Daughter of a domestic worker seeks equality through advocacy and charter litigation
By Laurel Baker
Mae J. Nam is determined to use her legal education at McGill to effect positive change for vulnerable and exploited women – especially those of Filipino descent. Nam’s mother was born in the Philippines, but came to Canada to work as a live-in domestic worker. Today, thousands of Filipino women come to Canada through Immigration Canada’s Live-In Caregiver Program. Through her mother’s stories, and through learning about the experiences of other women in the Canadian-Filipino community, Nam has come to understand the hardships many domestic workers are forced to endure right here in Canada – and has chosen to dedicate her life to fighting a program she believes has its roots in slavery.
“Before this program was introduced, most Filipino women came to Canada to work as nurses and teachers,” said Nam. “They were well-paid, and independent. But now one of the only ways for Filipino women to come to Canada is through the Live-In Caregiver program for domestic workers. They have to live in people’s homes, are often paid low wages, and are essentially on-call 24 hours a day.”
Nam’s advocacy work began while she was still completing her B.A. at McGill. She helped found the Philippine Women’s Centre of Quebec (PWC-Q), an organization dedicated to promoting the rights of domestic workers in Canada. Through intense lobbying efforts, Nam and her fellow PWC-Q volunteers successfully fought the deportation of Laila Elumbra, a Filipino domestic worker who came to Montreal under the Live-in Caregiver Program, but fell into a coma two months short of the 24 required to be eligible for permanent resident status.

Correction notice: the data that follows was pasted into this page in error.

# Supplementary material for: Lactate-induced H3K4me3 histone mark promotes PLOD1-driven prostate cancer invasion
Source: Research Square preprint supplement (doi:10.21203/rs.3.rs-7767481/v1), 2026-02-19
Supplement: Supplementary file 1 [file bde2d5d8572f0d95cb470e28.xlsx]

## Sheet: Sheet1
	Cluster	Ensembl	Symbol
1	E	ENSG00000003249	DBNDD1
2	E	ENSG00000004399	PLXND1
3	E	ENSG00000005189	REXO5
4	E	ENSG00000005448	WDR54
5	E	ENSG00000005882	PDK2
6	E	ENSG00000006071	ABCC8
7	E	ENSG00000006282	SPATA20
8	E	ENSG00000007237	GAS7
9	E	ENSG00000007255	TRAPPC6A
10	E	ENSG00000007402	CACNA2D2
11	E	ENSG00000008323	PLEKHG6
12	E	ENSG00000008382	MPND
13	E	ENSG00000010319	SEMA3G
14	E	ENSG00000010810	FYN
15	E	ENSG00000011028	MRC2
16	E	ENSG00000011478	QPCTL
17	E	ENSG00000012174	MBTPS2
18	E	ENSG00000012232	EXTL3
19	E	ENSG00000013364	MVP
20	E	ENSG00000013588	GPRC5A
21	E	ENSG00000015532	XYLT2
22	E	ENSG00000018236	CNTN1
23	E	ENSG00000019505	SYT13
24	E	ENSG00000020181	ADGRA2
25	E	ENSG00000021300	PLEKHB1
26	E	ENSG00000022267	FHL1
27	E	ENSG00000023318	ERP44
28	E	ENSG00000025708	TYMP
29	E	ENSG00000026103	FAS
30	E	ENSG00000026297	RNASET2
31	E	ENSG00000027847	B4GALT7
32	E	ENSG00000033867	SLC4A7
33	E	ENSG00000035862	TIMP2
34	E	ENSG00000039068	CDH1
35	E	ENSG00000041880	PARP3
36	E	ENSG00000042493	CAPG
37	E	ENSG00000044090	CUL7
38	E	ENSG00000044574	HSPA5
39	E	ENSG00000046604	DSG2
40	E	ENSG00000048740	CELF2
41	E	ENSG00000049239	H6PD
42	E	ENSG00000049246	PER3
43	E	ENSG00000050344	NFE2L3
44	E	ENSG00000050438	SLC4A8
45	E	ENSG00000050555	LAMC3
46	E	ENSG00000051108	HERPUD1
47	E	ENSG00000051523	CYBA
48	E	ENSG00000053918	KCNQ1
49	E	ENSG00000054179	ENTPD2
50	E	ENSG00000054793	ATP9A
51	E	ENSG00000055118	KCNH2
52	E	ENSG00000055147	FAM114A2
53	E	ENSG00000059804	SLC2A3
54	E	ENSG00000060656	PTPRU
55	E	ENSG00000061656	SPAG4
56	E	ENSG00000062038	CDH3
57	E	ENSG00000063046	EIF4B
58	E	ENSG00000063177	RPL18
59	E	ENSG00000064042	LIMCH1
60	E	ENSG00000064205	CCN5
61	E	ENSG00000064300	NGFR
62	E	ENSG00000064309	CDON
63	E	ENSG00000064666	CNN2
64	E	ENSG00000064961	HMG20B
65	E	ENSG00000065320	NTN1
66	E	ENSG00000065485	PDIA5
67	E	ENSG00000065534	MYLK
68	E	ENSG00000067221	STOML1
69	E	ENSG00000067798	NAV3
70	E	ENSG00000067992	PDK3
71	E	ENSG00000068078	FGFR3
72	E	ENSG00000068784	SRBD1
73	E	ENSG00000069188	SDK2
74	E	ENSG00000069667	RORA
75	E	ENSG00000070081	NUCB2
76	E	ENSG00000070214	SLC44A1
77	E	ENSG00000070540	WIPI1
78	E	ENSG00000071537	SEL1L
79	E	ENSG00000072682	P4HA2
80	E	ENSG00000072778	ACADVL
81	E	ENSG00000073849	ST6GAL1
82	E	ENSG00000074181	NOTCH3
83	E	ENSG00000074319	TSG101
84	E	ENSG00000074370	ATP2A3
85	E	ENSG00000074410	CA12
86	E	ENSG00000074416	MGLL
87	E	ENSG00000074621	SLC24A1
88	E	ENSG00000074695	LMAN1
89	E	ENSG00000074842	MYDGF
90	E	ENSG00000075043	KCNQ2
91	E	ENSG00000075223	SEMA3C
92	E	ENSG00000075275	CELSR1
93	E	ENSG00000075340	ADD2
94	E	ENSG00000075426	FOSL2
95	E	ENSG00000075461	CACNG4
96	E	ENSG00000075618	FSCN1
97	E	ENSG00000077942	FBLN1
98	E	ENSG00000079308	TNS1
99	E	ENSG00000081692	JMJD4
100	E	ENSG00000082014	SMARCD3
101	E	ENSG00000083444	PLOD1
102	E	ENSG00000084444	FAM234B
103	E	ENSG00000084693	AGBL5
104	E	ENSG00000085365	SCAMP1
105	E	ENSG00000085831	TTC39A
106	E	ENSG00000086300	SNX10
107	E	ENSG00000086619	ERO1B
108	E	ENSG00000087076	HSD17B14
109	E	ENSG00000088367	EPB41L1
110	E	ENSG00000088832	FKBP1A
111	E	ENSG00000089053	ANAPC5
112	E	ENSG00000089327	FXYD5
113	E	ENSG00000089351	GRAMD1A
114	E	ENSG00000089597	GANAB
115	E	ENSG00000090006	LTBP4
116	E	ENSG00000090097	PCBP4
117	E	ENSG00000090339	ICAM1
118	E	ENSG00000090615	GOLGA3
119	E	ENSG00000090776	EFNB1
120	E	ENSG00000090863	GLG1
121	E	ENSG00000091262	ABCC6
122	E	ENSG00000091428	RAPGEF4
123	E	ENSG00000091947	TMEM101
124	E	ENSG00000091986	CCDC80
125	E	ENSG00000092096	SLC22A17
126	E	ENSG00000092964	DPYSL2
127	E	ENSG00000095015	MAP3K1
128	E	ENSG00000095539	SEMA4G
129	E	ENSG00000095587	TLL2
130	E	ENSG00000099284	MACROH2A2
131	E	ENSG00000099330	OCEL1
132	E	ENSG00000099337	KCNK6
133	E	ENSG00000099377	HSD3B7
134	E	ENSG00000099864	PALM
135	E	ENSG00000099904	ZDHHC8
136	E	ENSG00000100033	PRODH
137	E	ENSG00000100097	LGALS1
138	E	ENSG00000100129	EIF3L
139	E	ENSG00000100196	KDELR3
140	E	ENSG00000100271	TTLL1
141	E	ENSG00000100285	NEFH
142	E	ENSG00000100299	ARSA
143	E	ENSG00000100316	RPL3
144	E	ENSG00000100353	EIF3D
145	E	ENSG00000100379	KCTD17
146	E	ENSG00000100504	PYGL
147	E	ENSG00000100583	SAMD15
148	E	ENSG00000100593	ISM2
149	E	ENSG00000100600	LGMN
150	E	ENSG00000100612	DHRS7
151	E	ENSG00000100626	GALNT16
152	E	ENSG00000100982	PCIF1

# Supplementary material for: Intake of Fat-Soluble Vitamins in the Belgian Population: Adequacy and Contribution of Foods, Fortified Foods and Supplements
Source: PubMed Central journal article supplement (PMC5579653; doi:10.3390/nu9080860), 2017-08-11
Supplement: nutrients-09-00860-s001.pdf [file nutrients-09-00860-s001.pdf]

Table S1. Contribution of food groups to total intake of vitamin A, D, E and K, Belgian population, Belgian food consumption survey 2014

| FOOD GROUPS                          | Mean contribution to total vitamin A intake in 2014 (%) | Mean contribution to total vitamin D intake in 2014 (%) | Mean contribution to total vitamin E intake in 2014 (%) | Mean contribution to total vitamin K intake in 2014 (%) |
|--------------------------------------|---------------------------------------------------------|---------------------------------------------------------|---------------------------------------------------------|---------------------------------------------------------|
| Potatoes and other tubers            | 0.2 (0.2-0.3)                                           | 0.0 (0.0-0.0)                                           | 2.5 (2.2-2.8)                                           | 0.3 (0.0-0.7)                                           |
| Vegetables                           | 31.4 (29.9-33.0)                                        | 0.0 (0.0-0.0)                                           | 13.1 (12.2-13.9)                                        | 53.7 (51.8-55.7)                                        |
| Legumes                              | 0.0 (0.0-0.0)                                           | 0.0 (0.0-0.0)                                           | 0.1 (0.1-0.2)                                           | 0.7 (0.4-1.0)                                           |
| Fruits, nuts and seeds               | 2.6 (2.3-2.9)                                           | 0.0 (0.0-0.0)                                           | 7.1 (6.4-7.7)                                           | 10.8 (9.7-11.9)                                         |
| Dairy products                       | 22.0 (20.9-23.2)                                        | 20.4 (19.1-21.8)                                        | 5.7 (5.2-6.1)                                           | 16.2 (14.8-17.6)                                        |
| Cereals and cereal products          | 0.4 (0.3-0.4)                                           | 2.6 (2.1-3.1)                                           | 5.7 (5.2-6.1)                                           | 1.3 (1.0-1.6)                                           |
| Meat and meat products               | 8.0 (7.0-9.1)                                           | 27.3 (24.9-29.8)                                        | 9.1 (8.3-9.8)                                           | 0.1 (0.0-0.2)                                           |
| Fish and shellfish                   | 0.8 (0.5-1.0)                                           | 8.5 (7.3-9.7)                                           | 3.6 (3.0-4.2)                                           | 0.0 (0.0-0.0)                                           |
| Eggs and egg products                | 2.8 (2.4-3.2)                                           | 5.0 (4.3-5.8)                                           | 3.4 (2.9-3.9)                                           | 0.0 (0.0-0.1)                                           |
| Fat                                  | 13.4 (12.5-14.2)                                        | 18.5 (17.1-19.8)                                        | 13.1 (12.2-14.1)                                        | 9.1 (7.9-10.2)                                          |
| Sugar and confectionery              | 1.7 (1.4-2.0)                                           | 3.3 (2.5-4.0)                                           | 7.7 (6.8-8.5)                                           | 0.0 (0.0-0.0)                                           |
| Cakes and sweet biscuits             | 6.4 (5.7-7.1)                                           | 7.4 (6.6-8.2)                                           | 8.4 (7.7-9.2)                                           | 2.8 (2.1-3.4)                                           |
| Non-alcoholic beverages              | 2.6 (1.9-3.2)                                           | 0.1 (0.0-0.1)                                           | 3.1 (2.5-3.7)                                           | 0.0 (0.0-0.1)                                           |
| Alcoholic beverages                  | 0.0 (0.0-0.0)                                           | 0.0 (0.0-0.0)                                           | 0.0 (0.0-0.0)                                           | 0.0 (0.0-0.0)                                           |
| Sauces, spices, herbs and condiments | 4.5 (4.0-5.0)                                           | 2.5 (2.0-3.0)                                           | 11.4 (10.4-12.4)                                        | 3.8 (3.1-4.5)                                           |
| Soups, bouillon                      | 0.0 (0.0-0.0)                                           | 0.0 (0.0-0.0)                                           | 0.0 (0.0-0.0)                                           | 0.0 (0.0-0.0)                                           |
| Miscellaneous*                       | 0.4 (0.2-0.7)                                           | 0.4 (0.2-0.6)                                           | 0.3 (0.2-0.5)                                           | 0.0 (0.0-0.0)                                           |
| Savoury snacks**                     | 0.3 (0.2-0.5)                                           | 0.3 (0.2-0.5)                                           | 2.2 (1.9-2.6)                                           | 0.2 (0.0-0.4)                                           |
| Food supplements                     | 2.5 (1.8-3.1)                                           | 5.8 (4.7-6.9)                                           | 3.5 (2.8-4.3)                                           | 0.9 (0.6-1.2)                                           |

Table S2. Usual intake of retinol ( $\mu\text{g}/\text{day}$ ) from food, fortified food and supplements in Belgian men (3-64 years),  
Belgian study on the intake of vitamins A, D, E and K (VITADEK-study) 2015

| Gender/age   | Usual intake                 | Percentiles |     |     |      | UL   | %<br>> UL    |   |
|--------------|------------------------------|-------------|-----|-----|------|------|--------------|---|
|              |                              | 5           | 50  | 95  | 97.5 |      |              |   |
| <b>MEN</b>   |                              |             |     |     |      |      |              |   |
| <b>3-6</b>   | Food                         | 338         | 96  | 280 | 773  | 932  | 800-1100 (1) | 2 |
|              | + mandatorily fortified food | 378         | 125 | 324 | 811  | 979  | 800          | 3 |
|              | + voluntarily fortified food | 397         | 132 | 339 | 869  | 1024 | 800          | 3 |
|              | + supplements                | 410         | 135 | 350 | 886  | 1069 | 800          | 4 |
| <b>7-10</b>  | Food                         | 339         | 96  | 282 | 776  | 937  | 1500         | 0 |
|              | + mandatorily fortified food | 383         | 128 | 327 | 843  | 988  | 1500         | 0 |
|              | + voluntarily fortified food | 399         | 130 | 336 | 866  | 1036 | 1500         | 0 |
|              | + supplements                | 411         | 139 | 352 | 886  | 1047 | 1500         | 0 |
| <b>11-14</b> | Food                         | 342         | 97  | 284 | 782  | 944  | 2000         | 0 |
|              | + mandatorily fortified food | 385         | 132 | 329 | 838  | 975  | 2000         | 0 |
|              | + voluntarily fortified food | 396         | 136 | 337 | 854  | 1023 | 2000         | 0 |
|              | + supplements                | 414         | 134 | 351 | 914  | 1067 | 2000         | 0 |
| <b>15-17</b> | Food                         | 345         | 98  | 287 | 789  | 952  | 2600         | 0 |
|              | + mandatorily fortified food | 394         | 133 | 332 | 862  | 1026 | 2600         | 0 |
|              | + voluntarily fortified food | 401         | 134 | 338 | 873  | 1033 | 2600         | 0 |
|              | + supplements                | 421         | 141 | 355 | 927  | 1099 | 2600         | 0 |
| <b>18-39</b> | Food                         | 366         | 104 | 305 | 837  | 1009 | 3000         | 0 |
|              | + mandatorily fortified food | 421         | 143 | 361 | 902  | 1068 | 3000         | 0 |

Now a third-year law student, Nam is researching the lives of domestic caregivers with McGill Law professor Adelle Blackett. She is also working to develop a judicial reference on equality rights and Charter cases under the supervision of Court of Quebec Judge Juanita Westmoreland-Traoré and Ontario Court of Justice Maryka Omatsu. Through the PWC-Q, Nam is planning to mount a Charter challenge of the Live-In Caregiver Program, which she believes discriminates against Filipino women.
“There are so many Lailas in Canada, but the only way for a community to strengthen itself is by banding together and working together. We’re focused on empowerment from the ground up,” she said.
Nam represents the first generation in her family to go to university – and feels tremendously fortunate to attend law school. “I came here to be a better advocate, not necessarily to be a lawyer. But being in law school changed my mind, and I’m excited to work as a Charter litigation lawyer. Law is only one tool, but it’s a really great tool to effect change in people’s lives.”